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The Magic Cafe Forum Index » » Did you hear the latest? » » David Blaine allegation (41 Likes) Printer Friendly Version

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Colin (C.J.)
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I hate the way the press sensationalise these things before a trial has even taken place. What happened to innocent before being proven guilty? https://www.msn.com/en-us/entertainment/......-AAtJYr7
rjs
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I don't think the original article was sensationalist.

https://www.thedailybeast.com/exclusive-......-of-rape

In the present climate (post-Weinstein) celebrities will face increased scrutiny.
BCE
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Never a good time, but worst possible time for the Blaine-centric GENII issue.
Leo H
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The post in the Genii Forum about this incident was removed. The timing certainly was bad with the Blaine issue about to come off the presses.

It's a bad time to be a man these days. Our laws are designed to protect women and children. A fabricated story against a man by a woman or child can land him in jail pretty fast.
Peter Goldfield
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Leo,

That’s bull. It’s been horrible for woman in a system geared in favour of men. The ‘growing pains’ you and many other men are experiencing is due to your reluctance to give up some of your power to return balance in the world.

These allegations should be taken seriously. David has stated that he has nothing to hide and will answer any questions.

Ps: if it were your daughter, sister, wife making claims, would you not want to have the matter investigated?
The day science begins to study non-physical phenomena, it will make more progress in one decade than in all the previous centuries of its existence. Nikola Tesla, Serbian Inventor
jakeg
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Unfortunately, celebrities make great targets. An accusation alone is sometime enough to bring a nice settlement.
Leo H
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Quote:
On Oct 21, 2017, Peter Goldfield wrote:
Leo,

That’s bull. It’s been horrible for woman in a system geared in favour of men. The ‘growing pains’ you and many other men are experiencing is due to your reluctance to give up some of your power to return balance in the world.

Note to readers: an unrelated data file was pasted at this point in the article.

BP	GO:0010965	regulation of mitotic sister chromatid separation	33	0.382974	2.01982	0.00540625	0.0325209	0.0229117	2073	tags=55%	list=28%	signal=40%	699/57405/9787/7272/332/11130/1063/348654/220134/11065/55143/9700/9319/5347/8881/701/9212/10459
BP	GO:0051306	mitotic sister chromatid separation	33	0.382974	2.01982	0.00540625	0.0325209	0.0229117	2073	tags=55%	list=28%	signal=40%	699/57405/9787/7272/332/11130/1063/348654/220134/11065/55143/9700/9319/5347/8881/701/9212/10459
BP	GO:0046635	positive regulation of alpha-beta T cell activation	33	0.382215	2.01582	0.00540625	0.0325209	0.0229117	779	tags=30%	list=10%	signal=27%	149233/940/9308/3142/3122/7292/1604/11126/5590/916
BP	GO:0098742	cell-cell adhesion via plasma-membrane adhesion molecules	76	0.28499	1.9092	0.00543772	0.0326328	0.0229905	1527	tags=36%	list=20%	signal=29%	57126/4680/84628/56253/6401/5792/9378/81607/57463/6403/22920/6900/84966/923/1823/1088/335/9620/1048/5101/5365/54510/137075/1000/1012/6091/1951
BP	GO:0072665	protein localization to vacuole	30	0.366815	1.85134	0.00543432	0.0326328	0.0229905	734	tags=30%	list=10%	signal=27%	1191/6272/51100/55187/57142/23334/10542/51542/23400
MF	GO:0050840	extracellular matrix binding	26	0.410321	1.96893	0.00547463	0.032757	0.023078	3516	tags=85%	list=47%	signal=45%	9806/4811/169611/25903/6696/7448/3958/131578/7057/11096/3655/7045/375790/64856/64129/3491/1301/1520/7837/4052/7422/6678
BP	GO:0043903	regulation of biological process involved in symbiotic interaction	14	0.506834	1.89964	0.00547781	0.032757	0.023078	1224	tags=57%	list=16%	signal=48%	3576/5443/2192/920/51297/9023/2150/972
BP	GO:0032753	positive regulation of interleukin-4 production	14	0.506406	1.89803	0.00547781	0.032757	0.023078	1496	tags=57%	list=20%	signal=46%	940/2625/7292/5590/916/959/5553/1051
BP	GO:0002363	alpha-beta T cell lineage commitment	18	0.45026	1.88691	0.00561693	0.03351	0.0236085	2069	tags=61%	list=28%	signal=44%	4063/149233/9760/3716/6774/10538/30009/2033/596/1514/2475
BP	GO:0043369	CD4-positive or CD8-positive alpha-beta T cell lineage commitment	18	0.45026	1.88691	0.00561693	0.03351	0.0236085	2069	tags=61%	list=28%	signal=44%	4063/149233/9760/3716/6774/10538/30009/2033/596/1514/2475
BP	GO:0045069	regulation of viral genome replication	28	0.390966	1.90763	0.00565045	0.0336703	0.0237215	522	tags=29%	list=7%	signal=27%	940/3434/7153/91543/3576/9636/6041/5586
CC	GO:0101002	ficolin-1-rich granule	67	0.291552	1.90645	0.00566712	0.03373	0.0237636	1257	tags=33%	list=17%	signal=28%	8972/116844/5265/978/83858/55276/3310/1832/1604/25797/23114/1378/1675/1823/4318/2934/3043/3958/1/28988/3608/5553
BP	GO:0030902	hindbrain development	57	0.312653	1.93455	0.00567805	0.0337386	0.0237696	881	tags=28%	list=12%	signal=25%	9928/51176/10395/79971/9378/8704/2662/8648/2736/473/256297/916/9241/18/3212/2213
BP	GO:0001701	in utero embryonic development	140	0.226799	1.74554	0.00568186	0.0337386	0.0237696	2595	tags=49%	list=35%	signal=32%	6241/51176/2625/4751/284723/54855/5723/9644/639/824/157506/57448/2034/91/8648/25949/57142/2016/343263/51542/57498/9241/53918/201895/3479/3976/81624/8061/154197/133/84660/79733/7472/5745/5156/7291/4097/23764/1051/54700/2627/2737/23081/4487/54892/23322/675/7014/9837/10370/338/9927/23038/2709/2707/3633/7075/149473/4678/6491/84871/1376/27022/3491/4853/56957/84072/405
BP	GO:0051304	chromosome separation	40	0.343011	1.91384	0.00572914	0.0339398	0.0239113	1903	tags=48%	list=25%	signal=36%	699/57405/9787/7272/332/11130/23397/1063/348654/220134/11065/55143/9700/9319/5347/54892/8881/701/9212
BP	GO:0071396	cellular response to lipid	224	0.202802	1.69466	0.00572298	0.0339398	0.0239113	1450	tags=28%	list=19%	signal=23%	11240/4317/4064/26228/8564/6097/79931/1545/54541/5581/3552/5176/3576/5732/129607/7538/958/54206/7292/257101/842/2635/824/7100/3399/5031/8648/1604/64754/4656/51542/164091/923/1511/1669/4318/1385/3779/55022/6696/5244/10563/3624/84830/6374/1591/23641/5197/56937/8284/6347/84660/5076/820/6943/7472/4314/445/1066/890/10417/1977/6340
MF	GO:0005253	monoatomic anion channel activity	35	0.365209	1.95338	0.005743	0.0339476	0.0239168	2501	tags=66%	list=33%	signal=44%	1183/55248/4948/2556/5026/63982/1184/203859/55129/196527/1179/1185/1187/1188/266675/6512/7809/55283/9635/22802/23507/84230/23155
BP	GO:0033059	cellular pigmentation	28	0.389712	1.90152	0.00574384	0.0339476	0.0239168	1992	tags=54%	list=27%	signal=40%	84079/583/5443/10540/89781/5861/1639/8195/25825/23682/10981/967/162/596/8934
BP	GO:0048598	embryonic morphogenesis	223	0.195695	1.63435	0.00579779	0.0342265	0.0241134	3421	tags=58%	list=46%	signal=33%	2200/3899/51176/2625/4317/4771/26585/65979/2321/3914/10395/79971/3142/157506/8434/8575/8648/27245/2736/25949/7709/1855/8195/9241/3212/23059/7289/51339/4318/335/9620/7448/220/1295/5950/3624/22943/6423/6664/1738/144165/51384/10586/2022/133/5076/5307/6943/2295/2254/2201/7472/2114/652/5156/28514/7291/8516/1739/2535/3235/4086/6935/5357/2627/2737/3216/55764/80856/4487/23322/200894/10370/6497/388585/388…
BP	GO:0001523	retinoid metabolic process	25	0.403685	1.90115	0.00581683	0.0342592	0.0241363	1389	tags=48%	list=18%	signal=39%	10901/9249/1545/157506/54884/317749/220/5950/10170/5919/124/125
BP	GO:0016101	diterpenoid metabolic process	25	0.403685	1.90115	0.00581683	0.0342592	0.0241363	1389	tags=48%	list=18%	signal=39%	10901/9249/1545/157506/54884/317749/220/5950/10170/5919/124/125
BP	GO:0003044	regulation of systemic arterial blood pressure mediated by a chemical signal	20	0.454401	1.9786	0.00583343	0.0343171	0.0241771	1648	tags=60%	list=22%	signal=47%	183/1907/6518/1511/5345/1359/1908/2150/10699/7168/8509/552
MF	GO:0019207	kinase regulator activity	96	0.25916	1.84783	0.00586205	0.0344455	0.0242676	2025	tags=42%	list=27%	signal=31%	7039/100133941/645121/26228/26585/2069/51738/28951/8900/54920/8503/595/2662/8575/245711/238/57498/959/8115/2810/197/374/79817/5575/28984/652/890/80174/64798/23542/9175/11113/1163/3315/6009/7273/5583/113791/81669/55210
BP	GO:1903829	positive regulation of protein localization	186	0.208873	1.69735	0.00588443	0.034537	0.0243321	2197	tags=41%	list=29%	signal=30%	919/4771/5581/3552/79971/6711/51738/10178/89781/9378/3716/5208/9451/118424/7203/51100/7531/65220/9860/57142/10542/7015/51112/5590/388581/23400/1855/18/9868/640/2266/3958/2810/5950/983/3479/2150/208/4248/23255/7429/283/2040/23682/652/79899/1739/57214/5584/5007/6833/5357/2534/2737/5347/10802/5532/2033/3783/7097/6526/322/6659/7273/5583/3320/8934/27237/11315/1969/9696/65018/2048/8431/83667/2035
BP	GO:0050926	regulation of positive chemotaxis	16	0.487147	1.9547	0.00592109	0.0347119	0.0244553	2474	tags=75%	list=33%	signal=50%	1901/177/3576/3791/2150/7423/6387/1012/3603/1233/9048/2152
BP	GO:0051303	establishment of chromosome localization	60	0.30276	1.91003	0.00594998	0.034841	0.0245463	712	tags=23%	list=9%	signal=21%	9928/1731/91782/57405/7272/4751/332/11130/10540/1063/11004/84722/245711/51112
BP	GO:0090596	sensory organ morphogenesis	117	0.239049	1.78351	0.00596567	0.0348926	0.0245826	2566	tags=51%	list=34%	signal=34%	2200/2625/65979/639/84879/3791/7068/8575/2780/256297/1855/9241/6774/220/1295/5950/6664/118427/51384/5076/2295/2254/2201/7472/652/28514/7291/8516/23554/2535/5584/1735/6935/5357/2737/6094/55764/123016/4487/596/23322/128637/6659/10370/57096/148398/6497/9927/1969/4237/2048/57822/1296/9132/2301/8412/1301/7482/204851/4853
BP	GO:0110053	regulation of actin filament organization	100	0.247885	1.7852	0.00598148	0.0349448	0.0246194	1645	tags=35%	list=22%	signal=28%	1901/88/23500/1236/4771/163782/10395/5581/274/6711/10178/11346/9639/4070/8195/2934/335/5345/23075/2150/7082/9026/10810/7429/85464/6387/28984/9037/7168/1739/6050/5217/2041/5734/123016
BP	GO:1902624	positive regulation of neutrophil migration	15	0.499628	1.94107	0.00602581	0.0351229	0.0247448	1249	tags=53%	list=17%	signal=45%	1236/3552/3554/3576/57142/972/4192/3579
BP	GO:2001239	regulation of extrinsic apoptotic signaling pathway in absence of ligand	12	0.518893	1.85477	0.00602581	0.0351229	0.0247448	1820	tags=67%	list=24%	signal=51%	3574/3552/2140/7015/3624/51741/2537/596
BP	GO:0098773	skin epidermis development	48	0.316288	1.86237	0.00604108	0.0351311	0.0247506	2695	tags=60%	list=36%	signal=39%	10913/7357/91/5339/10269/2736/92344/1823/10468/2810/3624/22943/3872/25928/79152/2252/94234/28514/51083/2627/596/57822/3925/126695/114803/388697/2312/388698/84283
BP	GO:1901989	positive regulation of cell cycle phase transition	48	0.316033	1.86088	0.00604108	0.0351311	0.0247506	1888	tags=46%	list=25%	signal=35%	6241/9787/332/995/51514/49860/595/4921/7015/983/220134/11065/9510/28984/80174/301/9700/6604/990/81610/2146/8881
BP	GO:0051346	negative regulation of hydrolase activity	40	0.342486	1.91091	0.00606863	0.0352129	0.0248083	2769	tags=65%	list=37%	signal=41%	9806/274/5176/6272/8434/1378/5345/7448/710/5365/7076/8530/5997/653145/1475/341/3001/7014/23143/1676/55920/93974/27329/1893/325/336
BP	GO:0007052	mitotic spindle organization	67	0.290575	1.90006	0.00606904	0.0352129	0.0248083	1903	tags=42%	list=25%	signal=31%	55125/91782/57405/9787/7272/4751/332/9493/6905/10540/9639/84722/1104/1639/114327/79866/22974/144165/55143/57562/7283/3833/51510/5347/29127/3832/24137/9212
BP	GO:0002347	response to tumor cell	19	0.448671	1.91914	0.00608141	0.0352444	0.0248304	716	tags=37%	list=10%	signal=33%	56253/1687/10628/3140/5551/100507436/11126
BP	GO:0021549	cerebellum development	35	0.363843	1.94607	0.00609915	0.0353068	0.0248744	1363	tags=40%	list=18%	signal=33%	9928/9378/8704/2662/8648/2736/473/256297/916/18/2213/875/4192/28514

These allegations should be taken seriously. David has stated that he has nothing to hide and will answer any questions.

Ps: if it were your daughter, sister, wife making claims, would you not want to have the matter investigated?


How would you feel if your wife fabricated a story against you in order to have you arrested as it happened to me? How would you feel about that? Do you work in the school system with children? I do. They looooove to fabricate stories.
Peter Goldfield
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Magicians loove to fabricate their life stories..

See how harmful generalisations are?
The day science begins to study non-physical phenomena, it will make more progress in one decade than in all the previous centuries of its existence. Nikola Tesla, Serbian Inventor
Leo H
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On Oct 21, 2017, Peter Goldfield wrote:
Magicians loove to fabricate their life stories..

See how harmful generalisations are?


On the other hand--generalizations can help one avoid harm--rather than run headlong into it from being too trusting...capice?
Peter Goldfield
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Your generalisation of women and children fabricating their experiences as victims of sexual harassment is both ignorant and harmful.

If you truly do work with children then your main priority would be to ensure their safety. Reading your comment, you seem to view them with contempt and assume that they all fabricate stories of sexual harassment. You should seriously consider another line of work.
The day science begins to study non-physical phenomena, it will make more progress in one decade than in all the previous centuries of its existence. Nikola Tesla, Serbian Inventor
Leo H
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On Oct 21, 2017, Peter Goldfield wrote:
Your generalisation of women and children fabricating their experiences as victims of sexual harassment is both ignorant and harmful.

If you truly do work with children then your main priority would be to ensure their safety. Reading your comment, you seem to view them with contempt and assume that they all fabricate stories of sexual harassment. You should seriously consider another line of work.


Since you don't seem to work with children, you have absolutely no idea what you are saying. When you work in an environment where there are children, you priority is your own safety against a false accusation by a mischievous child, which is taken very seriously by the authorities.

Obviously I watch out for their safety but I also fiercely guard mine. Admonishing me that I need to watch out for their safety is like telling me I need go inside when it rains. And by the way, I don't tell you how to do your job.

You appear to be living in a cave and don't read the news, work with women, or children for that matter. You're probably better off inside there because you don't want to risk being on the receiving end of a false accusation from a woman or child...or perhaps that is what you require to wake you up?
MJE